• Review of basal-plus insulin regimen options for simpler insulin intensification in people with Type 2 diabetes mellitus

    Raccah D, Huet D, Dib A, Joseph F, et al.

    Diabet Med. 2017 Jun 2. doi: 10.1111/dme.13390
  • Sustained efficacy of insulin pump therapy compared with multiple daily injections in type 2 diabetes: 12-month data from the OpT2mise randomized trial

    Aronson R, Reznik Y, Conget I, Castañeda JA, Runzis S, Lee SW, Cohen O; OpT2mise Study Group

    Diabetes Obes Metab. 2016 May;18(5):500-7

    Editorial comment by Sarah Cvach

    Since the DCCT trial it has been proven that sustained glycaemic control could be achieved with the use of CSII in Type 1 diabetes even better than with MDI. Diabetes complications are delayed or prevented using intensified therapy regimen. The Switch Study proofed the superiority of CSII versus MDI with significant reduction of HbA1c for adults and children. On the other hand it was unclear if the use of CSII in Type 2 diabetes would show better results than with MDI especially with overweight patients. Often they have a poor insulin sensitivity and do not reach their glycaemic goals. The OpT2mise study - published in several articles - has tried CSII regimen in patients with BMI >33, defined Insulin resistance and not reaching their goals with intensified injection therapy compared with MDI. The study proofed in a cross over design the superiority of CSII versus MDI. The results showed a reduction in HbA1c by 1.1 % in the CSII group and 0.4 % in the MDI group after 6 months which was significant. Insulin dose was 20.4 % lower with pump therapy than with MDI, no difference in weight gain was seen in both groups, no event of Ketoacidosis and no difference in severe hypoglycaemia. The HbA1c reduction of the pump group was maintained over 12 months and therefore showed a sustained and durable effect of insulin pump therapy in overweight Type 2 diabetes patients with defined insulin resistance not achieving their targets. It could be concluded that CSII was a good alternative in Type 2 diabetes especially for patients with high BMI, showing signs of insulin resistance, because CSII regimen leads to a 20.4 % reduction of the daily insulin dose and might therefore not enhance the body weight significantly.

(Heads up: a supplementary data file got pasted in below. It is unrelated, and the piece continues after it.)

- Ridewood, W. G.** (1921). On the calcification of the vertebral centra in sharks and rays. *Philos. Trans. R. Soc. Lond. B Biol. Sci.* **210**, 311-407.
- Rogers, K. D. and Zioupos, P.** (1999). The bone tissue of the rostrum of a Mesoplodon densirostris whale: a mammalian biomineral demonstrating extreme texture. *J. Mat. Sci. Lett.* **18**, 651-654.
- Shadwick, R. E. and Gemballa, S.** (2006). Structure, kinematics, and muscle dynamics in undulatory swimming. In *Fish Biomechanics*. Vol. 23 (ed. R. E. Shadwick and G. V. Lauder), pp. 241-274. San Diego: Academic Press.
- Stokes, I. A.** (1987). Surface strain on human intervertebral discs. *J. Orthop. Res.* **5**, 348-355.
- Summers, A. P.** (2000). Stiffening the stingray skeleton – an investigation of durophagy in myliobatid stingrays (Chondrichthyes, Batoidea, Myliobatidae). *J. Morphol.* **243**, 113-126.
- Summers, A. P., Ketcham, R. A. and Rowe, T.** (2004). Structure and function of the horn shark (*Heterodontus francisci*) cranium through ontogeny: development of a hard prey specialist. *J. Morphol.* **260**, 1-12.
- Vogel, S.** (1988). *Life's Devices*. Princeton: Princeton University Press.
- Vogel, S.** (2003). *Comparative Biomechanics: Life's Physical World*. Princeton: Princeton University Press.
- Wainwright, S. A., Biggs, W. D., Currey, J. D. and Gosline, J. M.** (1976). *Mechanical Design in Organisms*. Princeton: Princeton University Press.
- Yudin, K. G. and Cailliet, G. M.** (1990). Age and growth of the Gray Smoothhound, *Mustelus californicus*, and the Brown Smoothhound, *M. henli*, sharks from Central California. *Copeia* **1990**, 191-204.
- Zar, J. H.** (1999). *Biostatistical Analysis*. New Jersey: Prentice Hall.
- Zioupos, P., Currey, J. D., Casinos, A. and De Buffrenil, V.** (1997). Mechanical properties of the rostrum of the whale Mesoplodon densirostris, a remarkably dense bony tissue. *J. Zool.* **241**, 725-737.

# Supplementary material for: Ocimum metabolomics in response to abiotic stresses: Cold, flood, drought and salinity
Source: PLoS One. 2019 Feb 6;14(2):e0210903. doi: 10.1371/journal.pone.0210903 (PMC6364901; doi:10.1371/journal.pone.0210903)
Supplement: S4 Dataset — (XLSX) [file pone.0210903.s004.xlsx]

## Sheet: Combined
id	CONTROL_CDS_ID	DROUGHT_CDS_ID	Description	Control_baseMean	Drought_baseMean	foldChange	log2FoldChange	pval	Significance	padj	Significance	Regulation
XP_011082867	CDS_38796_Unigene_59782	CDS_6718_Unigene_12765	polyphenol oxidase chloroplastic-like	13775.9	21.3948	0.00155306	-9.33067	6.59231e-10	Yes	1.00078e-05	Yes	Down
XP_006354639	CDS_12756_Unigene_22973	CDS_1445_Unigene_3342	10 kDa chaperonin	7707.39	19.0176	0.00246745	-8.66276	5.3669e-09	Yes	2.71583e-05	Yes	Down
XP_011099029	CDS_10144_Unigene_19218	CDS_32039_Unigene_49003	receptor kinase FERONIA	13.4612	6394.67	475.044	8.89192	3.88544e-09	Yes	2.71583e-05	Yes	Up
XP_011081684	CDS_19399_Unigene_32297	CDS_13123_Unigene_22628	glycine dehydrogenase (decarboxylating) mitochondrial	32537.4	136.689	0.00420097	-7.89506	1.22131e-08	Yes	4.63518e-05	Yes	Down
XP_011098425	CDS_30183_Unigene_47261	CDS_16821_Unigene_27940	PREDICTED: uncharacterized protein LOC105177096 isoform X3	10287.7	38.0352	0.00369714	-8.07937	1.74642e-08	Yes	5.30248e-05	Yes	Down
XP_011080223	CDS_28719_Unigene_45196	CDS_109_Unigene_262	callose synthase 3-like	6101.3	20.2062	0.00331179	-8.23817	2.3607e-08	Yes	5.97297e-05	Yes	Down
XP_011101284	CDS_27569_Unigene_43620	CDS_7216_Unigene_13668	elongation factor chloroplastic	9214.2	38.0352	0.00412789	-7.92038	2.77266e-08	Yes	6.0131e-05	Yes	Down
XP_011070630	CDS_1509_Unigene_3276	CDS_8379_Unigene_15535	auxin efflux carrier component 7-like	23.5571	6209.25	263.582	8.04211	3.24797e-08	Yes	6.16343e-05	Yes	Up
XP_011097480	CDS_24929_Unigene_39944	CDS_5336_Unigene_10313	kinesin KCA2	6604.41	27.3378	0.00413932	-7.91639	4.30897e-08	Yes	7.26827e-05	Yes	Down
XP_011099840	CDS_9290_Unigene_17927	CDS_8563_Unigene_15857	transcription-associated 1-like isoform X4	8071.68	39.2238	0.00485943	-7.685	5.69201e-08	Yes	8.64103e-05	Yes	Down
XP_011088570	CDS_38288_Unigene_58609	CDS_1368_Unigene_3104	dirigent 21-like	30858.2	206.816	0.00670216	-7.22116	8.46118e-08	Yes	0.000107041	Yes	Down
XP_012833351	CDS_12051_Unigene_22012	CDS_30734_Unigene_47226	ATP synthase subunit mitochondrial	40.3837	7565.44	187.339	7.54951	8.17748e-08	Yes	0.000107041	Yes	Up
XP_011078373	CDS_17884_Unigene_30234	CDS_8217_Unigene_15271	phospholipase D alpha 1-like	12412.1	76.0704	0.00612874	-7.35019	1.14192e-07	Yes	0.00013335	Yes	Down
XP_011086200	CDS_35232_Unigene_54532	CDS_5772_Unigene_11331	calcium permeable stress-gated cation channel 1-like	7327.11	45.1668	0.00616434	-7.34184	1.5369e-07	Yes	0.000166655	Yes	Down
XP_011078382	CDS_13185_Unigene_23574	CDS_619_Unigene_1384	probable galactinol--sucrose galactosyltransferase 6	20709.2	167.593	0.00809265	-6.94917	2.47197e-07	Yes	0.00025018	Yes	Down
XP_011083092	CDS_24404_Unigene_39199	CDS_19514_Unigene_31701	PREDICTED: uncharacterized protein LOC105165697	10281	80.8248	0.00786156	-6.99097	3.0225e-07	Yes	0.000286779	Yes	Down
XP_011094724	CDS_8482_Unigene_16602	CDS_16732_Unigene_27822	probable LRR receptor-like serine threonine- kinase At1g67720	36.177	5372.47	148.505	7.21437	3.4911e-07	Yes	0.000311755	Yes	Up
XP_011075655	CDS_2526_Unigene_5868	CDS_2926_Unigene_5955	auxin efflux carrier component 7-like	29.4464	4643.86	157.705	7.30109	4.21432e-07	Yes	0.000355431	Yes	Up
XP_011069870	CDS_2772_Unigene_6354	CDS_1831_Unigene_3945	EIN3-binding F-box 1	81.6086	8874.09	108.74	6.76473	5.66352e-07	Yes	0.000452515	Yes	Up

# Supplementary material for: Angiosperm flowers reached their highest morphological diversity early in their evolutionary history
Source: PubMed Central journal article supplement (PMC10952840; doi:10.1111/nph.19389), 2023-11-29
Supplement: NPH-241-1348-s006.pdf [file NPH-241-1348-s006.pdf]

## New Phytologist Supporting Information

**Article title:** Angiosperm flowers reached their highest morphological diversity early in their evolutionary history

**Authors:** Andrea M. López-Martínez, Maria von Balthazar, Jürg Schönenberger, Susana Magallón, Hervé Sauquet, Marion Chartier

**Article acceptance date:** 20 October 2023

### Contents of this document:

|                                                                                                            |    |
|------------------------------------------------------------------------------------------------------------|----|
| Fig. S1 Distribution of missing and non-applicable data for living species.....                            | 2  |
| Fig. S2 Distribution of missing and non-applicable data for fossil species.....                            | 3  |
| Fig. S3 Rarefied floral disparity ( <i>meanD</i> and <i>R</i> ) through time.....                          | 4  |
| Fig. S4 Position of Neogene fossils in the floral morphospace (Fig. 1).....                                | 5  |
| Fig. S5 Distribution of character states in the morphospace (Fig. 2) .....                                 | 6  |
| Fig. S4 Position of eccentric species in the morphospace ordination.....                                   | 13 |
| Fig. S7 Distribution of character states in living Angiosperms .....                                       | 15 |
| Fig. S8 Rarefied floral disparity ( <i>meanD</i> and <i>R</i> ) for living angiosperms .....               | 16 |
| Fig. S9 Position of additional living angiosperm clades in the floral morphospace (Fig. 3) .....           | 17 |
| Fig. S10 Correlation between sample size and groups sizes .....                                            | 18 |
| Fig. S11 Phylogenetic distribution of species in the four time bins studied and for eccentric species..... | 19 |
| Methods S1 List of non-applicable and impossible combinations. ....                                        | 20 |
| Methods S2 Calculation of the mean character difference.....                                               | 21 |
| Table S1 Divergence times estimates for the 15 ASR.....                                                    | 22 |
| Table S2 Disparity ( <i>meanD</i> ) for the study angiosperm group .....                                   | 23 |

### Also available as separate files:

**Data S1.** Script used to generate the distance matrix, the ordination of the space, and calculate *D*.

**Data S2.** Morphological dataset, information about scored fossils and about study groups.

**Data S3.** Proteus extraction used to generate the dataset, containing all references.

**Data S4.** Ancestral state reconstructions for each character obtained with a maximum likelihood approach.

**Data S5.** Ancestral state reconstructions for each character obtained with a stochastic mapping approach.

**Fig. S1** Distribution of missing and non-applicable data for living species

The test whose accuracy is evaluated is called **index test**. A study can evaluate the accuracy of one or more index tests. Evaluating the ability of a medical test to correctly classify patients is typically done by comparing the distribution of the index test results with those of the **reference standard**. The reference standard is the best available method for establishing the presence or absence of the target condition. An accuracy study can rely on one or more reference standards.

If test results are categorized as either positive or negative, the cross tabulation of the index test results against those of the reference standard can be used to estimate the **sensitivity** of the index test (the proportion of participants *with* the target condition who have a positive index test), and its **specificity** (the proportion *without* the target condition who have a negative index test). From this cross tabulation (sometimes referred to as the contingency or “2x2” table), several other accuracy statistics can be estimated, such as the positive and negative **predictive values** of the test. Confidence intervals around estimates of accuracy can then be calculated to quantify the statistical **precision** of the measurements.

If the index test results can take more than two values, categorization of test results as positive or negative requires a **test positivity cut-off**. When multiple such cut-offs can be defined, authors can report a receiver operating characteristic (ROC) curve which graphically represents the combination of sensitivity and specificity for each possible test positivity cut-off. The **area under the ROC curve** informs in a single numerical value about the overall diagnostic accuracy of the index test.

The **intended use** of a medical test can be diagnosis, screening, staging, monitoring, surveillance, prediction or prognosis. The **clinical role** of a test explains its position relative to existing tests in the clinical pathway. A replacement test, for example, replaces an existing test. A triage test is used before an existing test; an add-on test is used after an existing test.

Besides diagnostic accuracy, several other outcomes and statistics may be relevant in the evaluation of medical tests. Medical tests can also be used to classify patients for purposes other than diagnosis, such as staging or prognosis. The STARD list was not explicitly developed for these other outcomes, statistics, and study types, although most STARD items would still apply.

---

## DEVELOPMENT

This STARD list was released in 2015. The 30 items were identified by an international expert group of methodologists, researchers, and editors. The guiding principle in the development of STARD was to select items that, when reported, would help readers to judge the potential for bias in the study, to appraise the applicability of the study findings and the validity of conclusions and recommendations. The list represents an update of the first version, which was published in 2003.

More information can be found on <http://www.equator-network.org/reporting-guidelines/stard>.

Welcome Message by Stephen Colagiuri, Editor in Chief

  • We are all aware that diabetes is a major global health problem, affecting millions of people worldwide. Addressing global problems requires a combination of global resources and individual effort.


Editorial Board

Xavier Cos

Director of Sant Martí Primary Health Centres (Catalonian Health Institute), Barcelona, Spain.

Vivian Fonseca

Vivian A. Fonseca was awarded a Bachelor of Medicine and a Bachelor of Surgery from the Armed Forces Medical College in Poona, India, and earned his MD from University of Bombay.

Kamlesh Khunti

Professor, Primary Care Diabetes and Vascular Medicine, University of Leicester, Leicester, UK

Chantal Mathieu

Professor of Medicine and Chair of Endocrinology, Catholic University of Leuven and University Hospital Gasthuisberg, Leuven, Belgium

Thomas Pieber

Head of the Division of Endocrinology and Metabolism, Department of Internal Medicine at the Medical University Graz.

Sarah Cvach

Vice chair of Association of Austrian Diabetes Educators (VÖD) and member of FEND, EASD, IDF, ÖDG, ÖGKV and the committee for diabetes prevention of the Austrian Diabetes Association. Experienced clinical trials coordinator.